First it was Doctor Copper. Now it's Lumber.
In an article I recently wrote
, the focal point was copper, its historical relationship with the health of the overall world economy, and its currently bearish chart pattern. The takeaway was that copper has been declining since 2011, suggesting an economic slowdown and potentially deflationary scenario.
Commodities are in the midst of a five-year slump. Energy-related commodities, industrial metals, along with wheat all peaked in price in 2008, but have yet to revisit those levels.
A Better Leading Indicator?
Copper used to be considered the leading indicator for the world’s economy, but since 2011 its price has fallen even as world stock markets climb.
Which will prove correct: copper or the equities market? Perhaps stocks are disconnected with reality, or perhaps fundamentals are better than copper is suggesting. Either way, mixed signals abound.
Another leading indicator, lumber, is known as the barometer for the housing market. When lumber prices are in an uptrend, typically so are housing builds, home prices, etc. Lumber prices have been very strong over the last five years, having turned up in price in early 2009 and making new highs recently. This has helped buoy the homebuilder equities as well.
But that all changed in March.
What about lumber?
If you believe the media headlines, then all is good with the housing sector.
The latest confidence data shows a big rise from April to May. But this, along with most fundamental data, is more a coincidence than leading indicator. It also should be noted that homebuilder confidence came in at 44, which suggests negative sentiment (any reading below 50 is considered negative). Oh, by the way, the last time homebuilder confidence was actually above 50 was April 2006.
We prefer using leading indicators, not coincidental ones.
Lumber has had an extremely strong correlation with housing stocks as the chart below shows. With a correlation of .90, lumber prices and homebuilder stocks rise and fall similarly day in and day out.
This extremely correlated relationship likely makes it the better leading indicator for the homebuilders and equities markets.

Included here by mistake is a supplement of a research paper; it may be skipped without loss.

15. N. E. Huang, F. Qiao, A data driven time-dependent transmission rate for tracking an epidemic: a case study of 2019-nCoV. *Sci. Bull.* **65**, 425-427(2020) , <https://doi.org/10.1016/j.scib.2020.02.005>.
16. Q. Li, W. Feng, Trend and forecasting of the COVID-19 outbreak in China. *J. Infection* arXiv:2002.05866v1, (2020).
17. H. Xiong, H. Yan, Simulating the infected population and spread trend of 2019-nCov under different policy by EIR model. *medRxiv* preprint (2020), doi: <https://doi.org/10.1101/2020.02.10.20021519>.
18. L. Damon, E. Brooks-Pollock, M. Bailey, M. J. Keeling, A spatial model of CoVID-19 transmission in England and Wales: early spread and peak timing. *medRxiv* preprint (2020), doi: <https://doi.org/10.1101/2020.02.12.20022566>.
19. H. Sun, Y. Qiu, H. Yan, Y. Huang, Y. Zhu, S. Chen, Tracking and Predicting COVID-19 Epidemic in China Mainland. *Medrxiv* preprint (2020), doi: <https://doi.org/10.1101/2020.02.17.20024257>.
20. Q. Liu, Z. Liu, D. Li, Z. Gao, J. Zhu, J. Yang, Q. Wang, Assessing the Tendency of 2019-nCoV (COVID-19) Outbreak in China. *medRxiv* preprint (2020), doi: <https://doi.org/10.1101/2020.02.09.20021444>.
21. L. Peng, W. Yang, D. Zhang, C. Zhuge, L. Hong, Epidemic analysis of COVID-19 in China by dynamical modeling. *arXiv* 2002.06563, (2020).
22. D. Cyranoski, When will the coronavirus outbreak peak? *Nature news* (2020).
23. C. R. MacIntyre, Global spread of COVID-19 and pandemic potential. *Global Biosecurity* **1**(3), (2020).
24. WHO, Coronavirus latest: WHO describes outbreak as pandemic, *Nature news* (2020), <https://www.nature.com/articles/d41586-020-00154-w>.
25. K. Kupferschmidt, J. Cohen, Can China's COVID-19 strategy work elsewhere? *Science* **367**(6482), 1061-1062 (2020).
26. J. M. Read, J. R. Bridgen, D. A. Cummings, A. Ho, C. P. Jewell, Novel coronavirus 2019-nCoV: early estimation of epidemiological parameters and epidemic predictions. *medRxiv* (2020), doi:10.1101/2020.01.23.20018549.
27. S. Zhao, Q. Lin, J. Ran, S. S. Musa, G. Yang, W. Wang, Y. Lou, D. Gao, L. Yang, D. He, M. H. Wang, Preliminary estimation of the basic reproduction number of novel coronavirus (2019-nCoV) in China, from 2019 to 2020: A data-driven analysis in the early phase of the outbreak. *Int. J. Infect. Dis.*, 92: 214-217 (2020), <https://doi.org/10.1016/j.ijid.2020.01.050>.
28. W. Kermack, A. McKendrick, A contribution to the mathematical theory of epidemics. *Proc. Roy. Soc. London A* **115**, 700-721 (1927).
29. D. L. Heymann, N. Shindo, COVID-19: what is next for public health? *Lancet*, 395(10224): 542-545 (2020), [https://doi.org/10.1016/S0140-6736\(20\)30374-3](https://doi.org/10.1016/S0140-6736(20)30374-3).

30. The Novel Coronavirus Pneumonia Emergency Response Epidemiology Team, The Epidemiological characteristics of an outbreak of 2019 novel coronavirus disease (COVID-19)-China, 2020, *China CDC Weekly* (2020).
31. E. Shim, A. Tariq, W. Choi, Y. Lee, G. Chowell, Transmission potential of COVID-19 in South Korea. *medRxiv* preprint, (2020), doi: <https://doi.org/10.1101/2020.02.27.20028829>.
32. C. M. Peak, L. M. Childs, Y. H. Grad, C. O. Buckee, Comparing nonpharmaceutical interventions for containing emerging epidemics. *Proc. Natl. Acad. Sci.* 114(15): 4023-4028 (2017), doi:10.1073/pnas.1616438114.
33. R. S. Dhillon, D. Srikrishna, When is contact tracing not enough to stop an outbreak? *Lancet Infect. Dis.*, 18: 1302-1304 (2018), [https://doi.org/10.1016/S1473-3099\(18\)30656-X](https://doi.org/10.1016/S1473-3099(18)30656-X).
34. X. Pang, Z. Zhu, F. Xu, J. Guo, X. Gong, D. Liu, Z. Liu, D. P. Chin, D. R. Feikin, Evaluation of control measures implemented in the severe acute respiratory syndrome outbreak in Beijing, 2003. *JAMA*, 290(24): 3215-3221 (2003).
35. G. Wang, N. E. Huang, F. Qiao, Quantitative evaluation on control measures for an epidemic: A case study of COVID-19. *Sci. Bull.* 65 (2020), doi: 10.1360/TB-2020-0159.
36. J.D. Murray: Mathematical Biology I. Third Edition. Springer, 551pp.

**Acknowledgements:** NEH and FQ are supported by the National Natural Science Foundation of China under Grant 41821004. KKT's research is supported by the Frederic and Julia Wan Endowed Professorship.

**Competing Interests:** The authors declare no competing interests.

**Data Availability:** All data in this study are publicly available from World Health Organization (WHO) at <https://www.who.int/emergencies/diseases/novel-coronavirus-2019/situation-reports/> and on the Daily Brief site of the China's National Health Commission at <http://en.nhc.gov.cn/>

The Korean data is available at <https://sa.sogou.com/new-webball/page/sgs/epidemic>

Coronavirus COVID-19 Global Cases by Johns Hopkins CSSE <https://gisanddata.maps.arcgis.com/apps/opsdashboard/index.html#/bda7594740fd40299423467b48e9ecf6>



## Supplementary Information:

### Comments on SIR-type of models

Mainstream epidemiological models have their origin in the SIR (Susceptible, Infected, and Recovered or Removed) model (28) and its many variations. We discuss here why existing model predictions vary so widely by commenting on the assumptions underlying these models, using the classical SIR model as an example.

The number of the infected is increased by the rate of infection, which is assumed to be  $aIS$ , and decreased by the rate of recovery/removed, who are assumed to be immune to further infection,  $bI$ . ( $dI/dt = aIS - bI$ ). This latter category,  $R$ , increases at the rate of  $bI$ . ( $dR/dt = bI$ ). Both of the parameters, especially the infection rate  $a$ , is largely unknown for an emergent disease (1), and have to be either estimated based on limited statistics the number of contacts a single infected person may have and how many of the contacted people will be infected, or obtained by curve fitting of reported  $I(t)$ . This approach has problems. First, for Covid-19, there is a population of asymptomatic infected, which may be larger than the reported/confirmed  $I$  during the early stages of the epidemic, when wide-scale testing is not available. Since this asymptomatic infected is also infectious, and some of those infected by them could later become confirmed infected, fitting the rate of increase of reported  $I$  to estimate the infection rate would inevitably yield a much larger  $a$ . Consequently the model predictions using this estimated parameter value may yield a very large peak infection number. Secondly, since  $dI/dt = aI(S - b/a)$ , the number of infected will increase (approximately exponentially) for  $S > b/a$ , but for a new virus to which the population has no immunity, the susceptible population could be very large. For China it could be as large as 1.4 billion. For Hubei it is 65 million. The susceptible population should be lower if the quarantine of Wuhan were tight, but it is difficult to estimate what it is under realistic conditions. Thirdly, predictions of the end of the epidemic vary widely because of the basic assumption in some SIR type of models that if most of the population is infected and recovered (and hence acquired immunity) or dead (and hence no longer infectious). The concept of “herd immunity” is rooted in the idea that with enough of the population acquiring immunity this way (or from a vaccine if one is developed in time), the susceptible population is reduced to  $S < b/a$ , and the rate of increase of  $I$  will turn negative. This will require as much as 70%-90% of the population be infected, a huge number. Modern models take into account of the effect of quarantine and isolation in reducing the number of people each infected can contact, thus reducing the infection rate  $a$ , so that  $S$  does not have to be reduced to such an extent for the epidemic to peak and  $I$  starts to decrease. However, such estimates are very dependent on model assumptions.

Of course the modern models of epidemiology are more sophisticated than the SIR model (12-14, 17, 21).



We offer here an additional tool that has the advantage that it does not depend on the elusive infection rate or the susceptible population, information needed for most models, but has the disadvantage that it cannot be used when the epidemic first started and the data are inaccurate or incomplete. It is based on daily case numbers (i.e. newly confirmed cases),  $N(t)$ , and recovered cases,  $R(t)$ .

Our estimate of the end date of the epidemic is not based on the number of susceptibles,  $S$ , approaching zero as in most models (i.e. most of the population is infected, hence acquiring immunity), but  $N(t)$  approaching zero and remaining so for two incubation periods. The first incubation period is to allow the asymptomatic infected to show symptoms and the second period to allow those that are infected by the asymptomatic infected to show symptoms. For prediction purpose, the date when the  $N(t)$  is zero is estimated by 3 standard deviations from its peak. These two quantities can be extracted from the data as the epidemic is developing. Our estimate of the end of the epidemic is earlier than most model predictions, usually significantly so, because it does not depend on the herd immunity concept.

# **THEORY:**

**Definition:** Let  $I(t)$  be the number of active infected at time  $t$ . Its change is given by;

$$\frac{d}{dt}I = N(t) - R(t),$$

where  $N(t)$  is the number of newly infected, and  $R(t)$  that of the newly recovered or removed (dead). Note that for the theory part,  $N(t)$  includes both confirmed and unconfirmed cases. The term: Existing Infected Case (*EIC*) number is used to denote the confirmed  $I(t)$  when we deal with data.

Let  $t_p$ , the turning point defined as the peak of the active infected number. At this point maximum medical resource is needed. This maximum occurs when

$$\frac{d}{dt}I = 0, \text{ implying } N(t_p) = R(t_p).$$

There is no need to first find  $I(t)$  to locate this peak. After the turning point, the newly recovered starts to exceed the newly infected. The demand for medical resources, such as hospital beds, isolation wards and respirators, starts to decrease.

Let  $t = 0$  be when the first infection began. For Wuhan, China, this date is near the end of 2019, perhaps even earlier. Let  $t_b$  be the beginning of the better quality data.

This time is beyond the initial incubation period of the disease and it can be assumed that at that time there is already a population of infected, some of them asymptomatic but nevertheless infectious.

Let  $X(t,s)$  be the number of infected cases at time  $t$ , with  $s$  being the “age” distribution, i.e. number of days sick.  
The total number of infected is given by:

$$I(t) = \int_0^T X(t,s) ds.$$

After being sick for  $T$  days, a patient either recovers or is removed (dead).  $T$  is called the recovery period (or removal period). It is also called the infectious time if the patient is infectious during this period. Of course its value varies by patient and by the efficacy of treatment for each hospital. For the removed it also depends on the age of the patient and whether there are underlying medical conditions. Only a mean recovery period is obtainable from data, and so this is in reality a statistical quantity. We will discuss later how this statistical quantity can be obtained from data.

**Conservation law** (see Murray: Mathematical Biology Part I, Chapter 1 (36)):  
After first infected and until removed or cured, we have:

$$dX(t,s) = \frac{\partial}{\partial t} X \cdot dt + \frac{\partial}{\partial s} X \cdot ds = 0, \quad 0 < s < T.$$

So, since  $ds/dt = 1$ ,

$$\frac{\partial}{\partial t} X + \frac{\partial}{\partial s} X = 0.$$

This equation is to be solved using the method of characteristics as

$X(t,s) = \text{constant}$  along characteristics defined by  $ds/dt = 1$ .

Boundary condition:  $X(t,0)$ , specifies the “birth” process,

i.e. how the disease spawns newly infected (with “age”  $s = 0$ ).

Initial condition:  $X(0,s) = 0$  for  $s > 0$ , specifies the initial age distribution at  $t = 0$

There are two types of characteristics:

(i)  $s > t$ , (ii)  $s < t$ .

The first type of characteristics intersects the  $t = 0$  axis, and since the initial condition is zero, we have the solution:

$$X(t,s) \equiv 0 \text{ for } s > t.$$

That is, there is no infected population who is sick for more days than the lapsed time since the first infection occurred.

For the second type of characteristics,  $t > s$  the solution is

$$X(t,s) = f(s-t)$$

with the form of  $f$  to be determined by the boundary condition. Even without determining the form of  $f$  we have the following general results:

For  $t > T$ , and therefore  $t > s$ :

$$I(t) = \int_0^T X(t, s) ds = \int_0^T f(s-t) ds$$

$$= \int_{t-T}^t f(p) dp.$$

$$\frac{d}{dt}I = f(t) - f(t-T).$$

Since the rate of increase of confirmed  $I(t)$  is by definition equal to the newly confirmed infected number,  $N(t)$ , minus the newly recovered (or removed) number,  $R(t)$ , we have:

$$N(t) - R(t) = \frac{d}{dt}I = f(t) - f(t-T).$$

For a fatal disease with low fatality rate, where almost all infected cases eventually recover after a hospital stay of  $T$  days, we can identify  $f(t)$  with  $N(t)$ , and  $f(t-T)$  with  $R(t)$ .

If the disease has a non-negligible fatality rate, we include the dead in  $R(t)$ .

There are warning signs now showing up in the lumber market.
Lumber has taken a cue from copper, precious metals (NYSEARCA:GLTR), and the other commodities, falling over 20% the last two months. Is this a sign that homebuilders, the housing market, and the equities market as a whole are finally about to roll over?
Looking at the last few months shows the collapse in prices of lumber. Meanwhile, homebuilder stocks continue upward. The last time these two highly correlated markets became this disconnected preceded the 2011 market top that sent stocks down over 20%. How long will this disconnect last?
Ways to Take Advantage
One market which is closely connected to both commodities and equities is the US dollar, which has actually shown strength since the 2008 market lows and more recently since the recent commodities peak in March.
We were able to take advantage of a rising dollar as commodities warned of deflation, while dollar sentiment was reaching bearish levels. Just as the technicals were setting up a high probability trading opportunity, we wrote on Feb.10:
“The US dollar has already broken out of its downtrend channel and provides a buy signal in the PowerShares DB Bullish Fund
(NYSEARCA:UUP) or in the PowerShares DB 3x Levered Long
How did it work out? That trade was good for a 10% gain in UUPT. And just when you thought the best was over, another dollar opportunity outlined may again be on our doorstep.
Lumber may turn out to be the new copper in our consumer and housing driven economy.
Given lumber’s steep decline over the last two months combined with the many other warning signs we follow, it may be time to get out of homebuilder stocks as they likely won’t stay this disconnected from lumber prices for long.
Editor's note: This story by Chad Karnes originally appeared on ETFguide.com
To read more from ETFguide, see:
Household Debt Down, Margin Debt Up
Are Rising Correlations a Threat to Your Portfolio?
Three Ways Income Investors Get in Trouble
No positions in stocks mentioned.